Thursday, September 10, 2015

ESPN's Hype Machine is Going Too Far

By Kevin Beane

Yeah, I know, that headline isn't going to make anyone scratch their heads; I'm not exactly going out on a limb here.

But, the thing is, I've defended ESPN. I've defended their right to promote their brand, and pointed out that where they annoy us in presentation, they make up for in content. Besides the bajillion games and matches ESPN, ESPN2, ESPNU, SECNetwork, The Longhorn Network, and ESPNNews will give us in a week, that content is multiplied a hundredfold by all the new offerings available on WatchESPN each week. It's worth enduring their bloviation.

But on Tuesday, during the U.S. Open quarterfinal between Marin Cilic and Jo-Wilfried Tsonga, the producers didn't do any keen watchers of the match any favors, but they did everything the focus groups told them to do.

Most of their transgressions had to to with their ceaseless promotion of the Serena vs. Venus match, which was following the Cilic/Tsonga one. Listen, I like Serena. I hope she wins the calendar year grand slam this weekend. It's very clear that a lot of people care about the match (it turned out to be the second-best ratings ESPN has ever received for tennis). And I don't mind them promoting that and reminding us that it's coming up next.

But they went so very much further than that. For starters, they twice gave us a split screen and took audio away from the Cilic/Tsonga match to bring us an interview with Serena's hitting coach. Even worse, though, they would play one of several long promo pieces for the upcoming Serena match instead of the Cilic/Tsonga match. By which I mean to say, they would have a promo, go back to the Cilic/Tsonga match, and it'd be 40-30. So they missed six points.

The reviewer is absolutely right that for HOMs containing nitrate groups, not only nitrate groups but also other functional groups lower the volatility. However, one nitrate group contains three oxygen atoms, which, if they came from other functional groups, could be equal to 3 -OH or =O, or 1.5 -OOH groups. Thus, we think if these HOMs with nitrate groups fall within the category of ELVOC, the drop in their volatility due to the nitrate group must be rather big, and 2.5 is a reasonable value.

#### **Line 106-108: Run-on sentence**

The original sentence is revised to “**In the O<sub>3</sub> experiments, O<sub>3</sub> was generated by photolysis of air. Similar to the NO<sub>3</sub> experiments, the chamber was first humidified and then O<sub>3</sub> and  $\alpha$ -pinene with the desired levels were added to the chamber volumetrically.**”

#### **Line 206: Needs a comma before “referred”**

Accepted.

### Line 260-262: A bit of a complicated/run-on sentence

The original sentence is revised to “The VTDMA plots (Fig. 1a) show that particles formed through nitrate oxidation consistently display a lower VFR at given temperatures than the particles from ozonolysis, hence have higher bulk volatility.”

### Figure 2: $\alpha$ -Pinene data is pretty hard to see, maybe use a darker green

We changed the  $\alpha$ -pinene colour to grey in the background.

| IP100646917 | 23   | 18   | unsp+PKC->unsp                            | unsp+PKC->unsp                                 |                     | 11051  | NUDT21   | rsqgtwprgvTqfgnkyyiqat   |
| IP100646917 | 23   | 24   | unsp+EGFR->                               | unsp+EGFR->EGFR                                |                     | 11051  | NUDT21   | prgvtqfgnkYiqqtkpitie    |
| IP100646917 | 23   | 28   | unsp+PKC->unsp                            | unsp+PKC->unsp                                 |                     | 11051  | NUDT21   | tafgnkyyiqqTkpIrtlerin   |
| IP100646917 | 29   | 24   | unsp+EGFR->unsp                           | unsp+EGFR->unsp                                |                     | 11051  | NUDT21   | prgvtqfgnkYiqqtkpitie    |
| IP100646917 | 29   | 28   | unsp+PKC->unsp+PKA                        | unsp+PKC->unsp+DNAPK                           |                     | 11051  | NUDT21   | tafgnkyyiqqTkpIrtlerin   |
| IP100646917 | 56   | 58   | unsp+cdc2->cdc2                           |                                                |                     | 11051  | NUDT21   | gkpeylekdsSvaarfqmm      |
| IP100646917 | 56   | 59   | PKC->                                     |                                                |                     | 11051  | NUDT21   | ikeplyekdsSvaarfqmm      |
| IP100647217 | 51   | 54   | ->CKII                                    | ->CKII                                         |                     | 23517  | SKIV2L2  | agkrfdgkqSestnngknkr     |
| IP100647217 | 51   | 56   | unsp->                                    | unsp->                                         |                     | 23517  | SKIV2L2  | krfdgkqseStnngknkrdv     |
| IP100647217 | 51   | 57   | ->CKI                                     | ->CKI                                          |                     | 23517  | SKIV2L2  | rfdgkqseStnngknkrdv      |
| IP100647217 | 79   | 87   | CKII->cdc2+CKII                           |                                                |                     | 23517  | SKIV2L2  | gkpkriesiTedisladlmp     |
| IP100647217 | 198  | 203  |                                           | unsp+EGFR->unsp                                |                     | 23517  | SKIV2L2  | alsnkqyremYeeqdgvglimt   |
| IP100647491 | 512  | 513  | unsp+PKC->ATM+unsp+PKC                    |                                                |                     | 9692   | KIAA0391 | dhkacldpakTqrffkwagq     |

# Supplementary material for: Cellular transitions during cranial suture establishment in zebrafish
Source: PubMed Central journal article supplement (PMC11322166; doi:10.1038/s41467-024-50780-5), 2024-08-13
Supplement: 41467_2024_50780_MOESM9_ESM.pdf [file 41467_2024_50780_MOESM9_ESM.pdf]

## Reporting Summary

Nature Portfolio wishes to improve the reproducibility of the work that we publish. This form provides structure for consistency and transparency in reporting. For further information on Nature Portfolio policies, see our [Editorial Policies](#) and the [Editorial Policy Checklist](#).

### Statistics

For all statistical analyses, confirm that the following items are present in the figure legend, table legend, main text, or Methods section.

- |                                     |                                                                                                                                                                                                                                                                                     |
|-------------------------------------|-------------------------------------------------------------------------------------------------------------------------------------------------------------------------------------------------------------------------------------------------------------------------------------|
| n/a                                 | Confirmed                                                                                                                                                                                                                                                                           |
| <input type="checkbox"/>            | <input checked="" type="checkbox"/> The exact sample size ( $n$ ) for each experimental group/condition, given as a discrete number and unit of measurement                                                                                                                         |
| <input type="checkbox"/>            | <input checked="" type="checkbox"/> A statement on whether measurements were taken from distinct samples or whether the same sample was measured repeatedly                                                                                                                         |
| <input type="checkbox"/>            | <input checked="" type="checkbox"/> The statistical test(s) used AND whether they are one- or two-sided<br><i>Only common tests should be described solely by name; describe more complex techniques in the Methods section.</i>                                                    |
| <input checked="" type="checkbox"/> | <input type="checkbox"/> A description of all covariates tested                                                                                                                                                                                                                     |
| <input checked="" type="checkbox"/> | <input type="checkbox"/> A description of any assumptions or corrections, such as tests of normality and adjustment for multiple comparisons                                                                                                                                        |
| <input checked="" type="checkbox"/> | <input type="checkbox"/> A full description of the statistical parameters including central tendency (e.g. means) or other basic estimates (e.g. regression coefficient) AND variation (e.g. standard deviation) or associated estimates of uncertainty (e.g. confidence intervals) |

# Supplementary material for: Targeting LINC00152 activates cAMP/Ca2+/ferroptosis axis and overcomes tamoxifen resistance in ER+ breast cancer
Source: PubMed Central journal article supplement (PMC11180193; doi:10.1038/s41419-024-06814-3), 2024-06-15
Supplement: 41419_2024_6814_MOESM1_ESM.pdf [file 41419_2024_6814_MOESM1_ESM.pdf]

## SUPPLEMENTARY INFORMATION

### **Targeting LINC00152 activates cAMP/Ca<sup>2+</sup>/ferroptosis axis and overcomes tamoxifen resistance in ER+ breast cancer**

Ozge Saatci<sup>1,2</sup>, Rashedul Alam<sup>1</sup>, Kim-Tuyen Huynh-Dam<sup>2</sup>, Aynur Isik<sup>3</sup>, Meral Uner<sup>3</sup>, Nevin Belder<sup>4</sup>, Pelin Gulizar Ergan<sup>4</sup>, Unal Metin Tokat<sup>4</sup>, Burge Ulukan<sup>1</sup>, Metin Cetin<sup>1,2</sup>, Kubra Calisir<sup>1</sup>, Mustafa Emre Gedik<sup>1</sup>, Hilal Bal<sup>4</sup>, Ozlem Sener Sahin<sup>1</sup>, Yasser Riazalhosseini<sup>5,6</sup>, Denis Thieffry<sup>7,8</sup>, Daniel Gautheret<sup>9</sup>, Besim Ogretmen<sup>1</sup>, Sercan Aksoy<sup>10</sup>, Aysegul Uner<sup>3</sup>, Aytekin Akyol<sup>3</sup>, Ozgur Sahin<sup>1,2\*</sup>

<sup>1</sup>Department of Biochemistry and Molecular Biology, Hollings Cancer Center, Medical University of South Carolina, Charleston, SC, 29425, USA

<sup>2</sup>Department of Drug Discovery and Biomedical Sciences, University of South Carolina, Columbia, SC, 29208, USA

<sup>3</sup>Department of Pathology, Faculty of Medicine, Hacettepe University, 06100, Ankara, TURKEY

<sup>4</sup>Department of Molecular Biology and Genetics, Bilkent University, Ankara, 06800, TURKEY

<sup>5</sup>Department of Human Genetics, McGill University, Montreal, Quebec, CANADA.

It gets worse still. Between games (and this would also cut in to actual points in the Cilic/Tsonga match) they would spend time showing the grounds around Arthur Ashe stadium and do a little celebrity spotting. Look, Oprah's here! Even worse, the Kardashians showed up, and the poor ESPN tennis announcing crew (Brad Gilbert, I think, and a couple others) had to pretend to be excited about the Kardashians showing up. They really earned their paychecks this week.

It makes me wonder why they didn't just dispense entirely of the Cilic/Tsonga match to instead bring up a three-hour Serena preview show. Once you start thinking that way, it's not hard to make the leap to the MTV model. It's an old chestnut by now that Music Television doesn't broadcast music anymore, but neither does MTV2, even. Why should ESPN even bother with actual sports? Just give all hype, all the time a try.

I'm tempted to say it doesn't have to be this way. I used to receive a glorious channel called Setanta USA. They broadcast mostly soccer, rugby, and that sort of global thing. Their interstitials were simply a chill melody accompanies by a pastiche of abstract sports photography: a cricket ball, and row of stands, etc. They had more energetic promos and commercials too, but still extremely understated compared to what we are used to in the US.

So what happened to Setanta USA? It doesn't exist anymore. Their channels for Canada, England, and Australia also don't exist anymore. They are down to channels in South and East Asia, Turkey, Ireland/Northern Ireland (where the network began), and the Commonwealth of Independent States.

You see, it's not by accident that we suffer this over-the-top hype given to us by ESPN (and other outlets, like FOX Sports). They do that because it works. I mentioned focus groups. They focus group everything to death, study it all, figure out what brings them the most money, how they can present things that make you most likely to give your hard-earned cash to their advertisers. It's the sports version of this, the biggest truth bomb The Onion has ever dropped.

So here's an idea: be the change you want to see. If you're watching something or spending time on a website (especially the latter, except/unless you're a Nielsen family), ask yourself, "Is this the kind of TV show or website that I want to reach saturation levels when my kids are adults?" If the answer is "no," then stop watching, or at least stop patronizing the advertisers of these sites. Make dumb hype and dumb programming unprofitable. It's the only way.

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